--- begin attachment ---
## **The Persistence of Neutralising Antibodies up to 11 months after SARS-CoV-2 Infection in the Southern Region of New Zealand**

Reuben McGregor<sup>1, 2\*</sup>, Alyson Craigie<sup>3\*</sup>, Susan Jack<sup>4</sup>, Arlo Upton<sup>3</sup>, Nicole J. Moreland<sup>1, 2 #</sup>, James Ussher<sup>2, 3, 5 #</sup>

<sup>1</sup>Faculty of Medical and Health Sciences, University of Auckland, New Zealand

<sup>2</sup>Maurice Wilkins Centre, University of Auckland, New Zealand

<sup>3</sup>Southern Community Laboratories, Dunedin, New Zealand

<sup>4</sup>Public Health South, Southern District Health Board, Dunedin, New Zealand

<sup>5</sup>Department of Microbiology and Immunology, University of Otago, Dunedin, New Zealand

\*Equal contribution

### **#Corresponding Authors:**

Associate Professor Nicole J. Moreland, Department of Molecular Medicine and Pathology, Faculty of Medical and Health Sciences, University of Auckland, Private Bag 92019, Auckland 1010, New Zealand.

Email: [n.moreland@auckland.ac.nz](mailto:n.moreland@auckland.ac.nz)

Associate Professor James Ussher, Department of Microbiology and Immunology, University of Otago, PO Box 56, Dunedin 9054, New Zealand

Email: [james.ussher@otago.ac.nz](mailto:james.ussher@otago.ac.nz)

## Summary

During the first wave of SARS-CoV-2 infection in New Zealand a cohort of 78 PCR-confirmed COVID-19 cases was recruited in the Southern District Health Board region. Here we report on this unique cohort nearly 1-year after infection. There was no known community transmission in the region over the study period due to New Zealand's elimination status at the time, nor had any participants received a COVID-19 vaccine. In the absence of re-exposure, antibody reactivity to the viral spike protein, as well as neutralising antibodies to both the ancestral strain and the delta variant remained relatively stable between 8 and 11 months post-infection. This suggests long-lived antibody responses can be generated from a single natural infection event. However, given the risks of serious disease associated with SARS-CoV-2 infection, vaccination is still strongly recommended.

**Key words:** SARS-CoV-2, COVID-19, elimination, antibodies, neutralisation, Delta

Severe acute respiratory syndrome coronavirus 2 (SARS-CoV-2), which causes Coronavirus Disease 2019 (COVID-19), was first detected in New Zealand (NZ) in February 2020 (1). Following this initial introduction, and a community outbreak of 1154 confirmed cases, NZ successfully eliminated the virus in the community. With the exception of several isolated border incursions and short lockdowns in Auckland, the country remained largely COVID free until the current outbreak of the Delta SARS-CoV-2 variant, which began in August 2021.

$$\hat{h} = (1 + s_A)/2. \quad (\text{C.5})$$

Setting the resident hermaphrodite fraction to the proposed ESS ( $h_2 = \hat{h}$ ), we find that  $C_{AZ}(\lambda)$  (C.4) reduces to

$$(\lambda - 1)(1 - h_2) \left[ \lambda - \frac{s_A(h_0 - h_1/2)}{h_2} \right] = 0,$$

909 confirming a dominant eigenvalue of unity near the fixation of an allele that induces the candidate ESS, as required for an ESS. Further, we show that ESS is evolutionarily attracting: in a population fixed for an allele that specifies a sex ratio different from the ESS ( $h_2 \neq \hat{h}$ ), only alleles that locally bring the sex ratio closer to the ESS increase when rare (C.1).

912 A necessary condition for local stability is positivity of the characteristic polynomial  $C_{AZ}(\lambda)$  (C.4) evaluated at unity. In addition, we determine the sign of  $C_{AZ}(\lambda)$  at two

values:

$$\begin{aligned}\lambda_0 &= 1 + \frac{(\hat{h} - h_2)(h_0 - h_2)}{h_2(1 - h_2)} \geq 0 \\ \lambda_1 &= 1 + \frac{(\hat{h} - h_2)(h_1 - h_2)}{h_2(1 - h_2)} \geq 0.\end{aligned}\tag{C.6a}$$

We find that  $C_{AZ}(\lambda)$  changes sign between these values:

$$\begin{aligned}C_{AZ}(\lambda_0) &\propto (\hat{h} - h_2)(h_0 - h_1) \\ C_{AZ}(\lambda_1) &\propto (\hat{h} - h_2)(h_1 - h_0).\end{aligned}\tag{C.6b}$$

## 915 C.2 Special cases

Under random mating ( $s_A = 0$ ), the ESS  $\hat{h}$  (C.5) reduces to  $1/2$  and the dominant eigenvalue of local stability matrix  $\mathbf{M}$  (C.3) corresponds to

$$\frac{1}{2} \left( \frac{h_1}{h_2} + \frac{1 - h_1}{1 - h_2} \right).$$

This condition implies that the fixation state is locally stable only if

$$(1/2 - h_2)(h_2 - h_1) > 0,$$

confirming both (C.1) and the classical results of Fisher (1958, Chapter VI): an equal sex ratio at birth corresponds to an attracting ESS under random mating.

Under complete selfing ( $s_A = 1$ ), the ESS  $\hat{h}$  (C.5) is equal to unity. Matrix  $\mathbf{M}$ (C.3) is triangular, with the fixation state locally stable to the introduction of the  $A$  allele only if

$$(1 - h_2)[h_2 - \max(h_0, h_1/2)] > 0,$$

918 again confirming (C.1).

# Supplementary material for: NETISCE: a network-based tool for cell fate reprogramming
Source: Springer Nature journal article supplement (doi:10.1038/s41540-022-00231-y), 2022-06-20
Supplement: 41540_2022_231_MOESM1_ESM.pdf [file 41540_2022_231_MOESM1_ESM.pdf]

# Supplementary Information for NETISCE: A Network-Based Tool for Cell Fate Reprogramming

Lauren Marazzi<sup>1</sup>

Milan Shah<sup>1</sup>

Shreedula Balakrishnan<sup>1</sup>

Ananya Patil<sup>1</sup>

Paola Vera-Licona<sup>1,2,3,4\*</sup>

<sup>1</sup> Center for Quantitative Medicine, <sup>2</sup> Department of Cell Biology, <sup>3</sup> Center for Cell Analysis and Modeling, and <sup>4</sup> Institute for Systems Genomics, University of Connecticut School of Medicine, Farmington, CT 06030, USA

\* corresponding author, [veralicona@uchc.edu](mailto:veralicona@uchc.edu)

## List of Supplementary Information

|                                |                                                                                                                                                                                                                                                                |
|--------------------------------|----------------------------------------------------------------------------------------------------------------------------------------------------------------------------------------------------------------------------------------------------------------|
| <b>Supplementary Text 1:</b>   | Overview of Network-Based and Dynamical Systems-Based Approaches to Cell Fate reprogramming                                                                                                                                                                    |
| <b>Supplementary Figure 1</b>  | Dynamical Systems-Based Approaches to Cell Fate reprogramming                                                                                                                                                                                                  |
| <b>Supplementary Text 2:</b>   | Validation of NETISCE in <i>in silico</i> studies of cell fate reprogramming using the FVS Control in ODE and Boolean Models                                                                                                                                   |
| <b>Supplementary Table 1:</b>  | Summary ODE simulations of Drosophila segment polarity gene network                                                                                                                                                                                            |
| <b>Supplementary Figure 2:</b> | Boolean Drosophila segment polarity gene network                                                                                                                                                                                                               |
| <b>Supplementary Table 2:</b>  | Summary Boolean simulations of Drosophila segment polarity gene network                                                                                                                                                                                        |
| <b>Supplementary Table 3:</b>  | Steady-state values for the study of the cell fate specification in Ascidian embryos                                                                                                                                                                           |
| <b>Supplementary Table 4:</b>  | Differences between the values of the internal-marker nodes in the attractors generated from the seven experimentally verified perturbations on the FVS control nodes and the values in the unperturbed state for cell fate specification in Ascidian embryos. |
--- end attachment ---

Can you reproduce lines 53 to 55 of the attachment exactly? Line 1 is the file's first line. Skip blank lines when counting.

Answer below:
| <b>Supplementary Table 1:</b>  | Summary ODE simulations of Drosophila segment polarity gene network                                                                                                                                                                                            |
| <b>Supplementary Figure 2:</b> | Boolean Drosophila segment polarity gene network                                                                                                                                                                                                               |
| <b>Supplementary Table 2:</b>  | Summary Boolean simulations of Drosophila segment polarity gene network                                                                                                                                                                                        |